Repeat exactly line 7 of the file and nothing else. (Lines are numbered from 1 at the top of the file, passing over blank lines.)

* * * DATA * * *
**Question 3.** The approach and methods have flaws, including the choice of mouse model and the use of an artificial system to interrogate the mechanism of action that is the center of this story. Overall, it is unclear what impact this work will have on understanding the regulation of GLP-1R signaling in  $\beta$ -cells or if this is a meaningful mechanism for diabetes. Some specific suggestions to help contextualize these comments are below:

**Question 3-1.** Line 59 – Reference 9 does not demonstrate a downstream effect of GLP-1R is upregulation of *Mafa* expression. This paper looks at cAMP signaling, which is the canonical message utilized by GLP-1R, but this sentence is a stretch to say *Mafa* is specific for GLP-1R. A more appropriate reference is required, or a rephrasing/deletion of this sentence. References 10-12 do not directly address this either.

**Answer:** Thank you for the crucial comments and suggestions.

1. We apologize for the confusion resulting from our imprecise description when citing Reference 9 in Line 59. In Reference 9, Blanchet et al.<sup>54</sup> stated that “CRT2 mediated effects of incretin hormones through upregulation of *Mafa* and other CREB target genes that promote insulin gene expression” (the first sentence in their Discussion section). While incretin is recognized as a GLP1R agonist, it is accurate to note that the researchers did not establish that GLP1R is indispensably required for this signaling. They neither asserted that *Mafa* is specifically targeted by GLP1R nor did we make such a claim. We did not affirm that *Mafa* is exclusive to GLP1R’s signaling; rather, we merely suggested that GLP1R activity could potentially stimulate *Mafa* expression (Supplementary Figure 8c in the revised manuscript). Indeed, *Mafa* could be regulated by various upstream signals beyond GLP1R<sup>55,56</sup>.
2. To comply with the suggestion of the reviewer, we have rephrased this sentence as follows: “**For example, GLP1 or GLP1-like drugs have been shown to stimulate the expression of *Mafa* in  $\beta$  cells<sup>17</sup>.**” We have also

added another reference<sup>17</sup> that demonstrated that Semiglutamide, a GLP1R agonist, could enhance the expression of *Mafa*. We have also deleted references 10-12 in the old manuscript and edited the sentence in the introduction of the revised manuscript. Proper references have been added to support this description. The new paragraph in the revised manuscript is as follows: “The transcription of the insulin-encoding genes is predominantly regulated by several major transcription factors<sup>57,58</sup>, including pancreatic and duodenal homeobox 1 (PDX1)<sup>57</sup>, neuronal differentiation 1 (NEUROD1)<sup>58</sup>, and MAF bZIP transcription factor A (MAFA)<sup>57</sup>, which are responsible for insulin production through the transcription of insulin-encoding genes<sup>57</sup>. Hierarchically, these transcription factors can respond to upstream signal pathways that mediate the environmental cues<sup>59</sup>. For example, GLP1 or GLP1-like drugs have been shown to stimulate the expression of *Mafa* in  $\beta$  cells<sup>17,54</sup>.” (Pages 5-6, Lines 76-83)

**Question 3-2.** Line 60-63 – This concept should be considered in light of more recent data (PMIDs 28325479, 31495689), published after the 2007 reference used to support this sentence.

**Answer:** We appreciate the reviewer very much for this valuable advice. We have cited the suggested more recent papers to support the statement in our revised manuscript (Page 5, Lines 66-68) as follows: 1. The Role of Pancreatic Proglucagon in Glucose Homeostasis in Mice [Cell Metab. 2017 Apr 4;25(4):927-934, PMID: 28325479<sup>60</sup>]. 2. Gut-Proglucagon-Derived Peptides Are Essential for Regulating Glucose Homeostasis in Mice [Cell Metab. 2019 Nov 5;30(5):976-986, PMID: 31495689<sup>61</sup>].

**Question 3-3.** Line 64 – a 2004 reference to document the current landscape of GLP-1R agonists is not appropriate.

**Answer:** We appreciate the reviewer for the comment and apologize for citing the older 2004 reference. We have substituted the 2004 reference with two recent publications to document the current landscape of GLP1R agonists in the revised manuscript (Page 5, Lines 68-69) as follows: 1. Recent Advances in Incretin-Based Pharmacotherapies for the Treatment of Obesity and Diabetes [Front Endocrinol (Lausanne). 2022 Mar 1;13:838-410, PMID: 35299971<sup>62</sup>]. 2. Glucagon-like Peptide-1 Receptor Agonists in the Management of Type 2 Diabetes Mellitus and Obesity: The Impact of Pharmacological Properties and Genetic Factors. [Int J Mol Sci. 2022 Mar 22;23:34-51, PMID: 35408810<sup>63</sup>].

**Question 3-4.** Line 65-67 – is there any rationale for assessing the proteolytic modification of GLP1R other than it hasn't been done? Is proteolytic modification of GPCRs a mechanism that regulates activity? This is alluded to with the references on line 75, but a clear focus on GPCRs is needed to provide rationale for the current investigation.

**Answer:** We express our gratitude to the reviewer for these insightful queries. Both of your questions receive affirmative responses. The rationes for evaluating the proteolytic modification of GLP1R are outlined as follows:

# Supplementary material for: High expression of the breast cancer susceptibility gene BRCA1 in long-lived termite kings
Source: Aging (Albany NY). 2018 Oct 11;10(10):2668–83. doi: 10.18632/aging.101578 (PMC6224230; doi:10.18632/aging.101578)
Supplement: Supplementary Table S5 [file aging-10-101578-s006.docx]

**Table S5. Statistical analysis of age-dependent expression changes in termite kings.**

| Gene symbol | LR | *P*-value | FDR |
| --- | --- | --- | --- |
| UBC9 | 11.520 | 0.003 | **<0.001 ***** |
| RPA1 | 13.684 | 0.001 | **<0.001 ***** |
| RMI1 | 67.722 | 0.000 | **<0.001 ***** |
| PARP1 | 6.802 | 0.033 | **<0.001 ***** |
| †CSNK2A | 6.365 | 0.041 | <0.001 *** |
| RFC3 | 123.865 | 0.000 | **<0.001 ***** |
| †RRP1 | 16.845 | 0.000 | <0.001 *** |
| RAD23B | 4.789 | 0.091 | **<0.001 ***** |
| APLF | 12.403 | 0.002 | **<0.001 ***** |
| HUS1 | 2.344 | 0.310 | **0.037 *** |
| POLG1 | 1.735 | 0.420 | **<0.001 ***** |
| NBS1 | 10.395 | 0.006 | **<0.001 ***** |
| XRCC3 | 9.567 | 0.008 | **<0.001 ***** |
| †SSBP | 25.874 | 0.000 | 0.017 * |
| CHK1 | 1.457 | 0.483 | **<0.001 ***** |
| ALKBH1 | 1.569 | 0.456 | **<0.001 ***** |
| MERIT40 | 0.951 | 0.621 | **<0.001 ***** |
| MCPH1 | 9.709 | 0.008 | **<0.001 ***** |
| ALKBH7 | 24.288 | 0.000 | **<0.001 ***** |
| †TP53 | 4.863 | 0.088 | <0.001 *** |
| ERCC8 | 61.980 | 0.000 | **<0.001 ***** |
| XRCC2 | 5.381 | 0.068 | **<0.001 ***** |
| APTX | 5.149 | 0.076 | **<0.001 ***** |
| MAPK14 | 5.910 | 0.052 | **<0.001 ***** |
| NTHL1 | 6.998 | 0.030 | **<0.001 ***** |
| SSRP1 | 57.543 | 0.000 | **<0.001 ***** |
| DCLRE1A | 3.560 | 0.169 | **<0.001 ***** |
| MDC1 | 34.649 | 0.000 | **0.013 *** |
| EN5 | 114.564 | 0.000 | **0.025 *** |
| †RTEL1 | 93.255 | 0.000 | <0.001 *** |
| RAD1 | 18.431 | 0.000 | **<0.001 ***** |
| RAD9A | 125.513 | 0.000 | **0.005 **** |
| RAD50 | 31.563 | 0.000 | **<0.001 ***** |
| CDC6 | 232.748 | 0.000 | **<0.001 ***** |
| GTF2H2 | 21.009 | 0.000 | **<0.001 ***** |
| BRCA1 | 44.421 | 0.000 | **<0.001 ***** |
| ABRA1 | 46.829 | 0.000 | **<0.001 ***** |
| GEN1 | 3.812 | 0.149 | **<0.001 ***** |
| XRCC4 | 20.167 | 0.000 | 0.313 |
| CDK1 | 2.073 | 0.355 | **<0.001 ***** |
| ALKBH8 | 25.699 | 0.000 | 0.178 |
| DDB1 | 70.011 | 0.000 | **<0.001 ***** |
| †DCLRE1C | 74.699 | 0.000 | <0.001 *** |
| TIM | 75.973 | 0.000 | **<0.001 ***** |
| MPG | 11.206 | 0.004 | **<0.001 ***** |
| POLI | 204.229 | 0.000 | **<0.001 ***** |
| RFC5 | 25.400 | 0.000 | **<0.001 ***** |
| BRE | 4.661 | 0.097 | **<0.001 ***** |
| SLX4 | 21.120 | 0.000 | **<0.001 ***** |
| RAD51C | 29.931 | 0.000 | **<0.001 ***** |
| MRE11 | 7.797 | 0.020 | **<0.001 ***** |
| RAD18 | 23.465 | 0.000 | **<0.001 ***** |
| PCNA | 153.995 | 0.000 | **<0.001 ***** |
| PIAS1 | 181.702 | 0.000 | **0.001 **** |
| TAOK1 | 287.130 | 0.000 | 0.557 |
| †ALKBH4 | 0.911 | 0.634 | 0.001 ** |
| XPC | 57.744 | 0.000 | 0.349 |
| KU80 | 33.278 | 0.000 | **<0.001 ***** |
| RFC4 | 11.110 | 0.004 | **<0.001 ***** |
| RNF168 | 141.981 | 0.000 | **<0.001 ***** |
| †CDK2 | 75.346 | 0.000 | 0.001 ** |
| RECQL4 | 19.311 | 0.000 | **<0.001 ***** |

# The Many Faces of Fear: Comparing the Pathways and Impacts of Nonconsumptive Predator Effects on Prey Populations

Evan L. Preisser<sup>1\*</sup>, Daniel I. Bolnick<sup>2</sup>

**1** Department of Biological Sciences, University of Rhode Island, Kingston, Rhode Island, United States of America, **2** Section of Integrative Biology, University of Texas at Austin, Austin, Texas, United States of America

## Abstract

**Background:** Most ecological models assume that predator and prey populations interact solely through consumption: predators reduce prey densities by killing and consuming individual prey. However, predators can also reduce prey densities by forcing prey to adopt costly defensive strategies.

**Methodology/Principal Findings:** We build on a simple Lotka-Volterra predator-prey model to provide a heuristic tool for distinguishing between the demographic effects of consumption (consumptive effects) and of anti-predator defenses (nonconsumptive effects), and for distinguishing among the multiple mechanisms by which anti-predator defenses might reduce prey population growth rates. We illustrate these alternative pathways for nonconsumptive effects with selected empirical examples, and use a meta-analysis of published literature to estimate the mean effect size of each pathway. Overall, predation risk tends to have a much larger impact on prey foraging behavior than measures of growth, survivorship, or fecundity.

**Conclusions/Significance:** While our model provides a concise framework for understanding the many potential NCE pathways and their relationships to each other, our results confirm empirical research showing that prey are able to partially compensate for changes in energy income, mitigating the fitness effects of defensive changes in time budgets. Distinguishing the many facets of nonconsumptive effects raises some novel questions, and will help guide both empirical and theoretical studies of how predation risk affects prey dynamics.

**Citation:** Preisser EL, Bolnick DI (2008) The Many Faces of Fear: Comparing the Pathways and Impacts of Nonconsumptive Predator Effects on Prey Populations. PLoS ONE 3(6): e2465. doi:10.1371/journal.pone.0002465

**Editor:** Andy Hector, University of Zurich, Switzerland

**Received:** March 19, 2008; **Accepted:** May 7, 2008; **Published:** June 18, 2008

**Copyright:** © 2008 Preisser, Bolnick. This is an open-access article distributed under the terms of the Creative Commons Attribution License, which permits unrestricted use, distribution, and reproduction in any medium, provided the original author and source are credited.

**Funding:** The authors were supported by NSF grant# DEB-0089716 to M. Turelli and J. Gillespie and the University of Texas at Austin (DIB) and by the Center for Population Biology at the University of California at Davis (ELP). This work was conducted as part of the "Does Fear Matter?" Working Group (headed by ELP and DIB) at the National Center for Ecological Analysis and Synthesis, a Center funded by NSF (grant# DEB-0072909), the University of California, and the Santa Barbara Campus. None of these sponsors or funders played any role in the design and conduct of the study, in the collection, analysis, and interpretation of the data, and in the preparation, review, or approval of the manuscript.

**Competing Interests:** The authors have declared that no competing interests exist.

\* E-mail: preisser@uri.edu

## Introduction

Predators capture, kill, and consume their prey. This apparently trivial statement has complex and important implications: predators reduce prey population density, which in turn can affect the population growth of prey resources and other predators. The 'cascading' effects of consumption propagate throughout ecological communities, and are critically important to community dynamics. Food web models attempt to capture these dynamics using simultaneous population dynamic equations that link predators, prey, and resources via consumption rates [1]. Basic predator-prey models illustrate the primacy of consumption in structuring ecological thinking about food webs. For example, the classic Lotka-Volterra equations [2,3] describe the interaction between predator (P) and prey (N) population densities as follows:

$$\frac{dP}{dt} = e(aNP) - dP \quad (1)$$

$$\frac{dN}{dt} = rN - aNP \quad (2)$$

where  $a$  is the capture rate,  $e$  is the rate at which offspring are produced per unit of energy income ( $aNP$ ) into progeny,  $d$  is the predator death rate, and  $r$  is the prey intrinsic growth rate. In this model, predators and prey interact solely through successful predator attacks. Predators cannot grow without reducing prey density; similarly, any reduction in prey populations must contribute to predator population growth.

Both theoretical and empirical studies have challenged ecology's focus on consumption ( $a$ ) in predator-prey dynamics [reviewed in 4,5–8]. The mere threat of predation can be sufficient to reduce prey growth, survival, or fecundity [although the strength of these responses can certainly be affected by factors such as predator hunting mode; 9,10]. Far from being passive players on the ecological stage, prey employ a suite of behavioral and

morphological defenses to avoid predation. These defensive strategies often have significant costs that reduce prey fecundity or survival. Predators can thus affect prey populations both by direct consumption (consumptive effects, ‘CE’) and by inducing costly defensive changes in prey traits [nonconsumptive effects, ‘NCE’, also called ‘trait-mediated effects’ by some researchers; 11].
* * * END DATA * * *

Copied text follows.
**Question 3-2.** Line 60-63 – This concept should be considered in light of more recent data (PMIDs 28325479, 31495689), published after the 2007 reference used to support this sentence.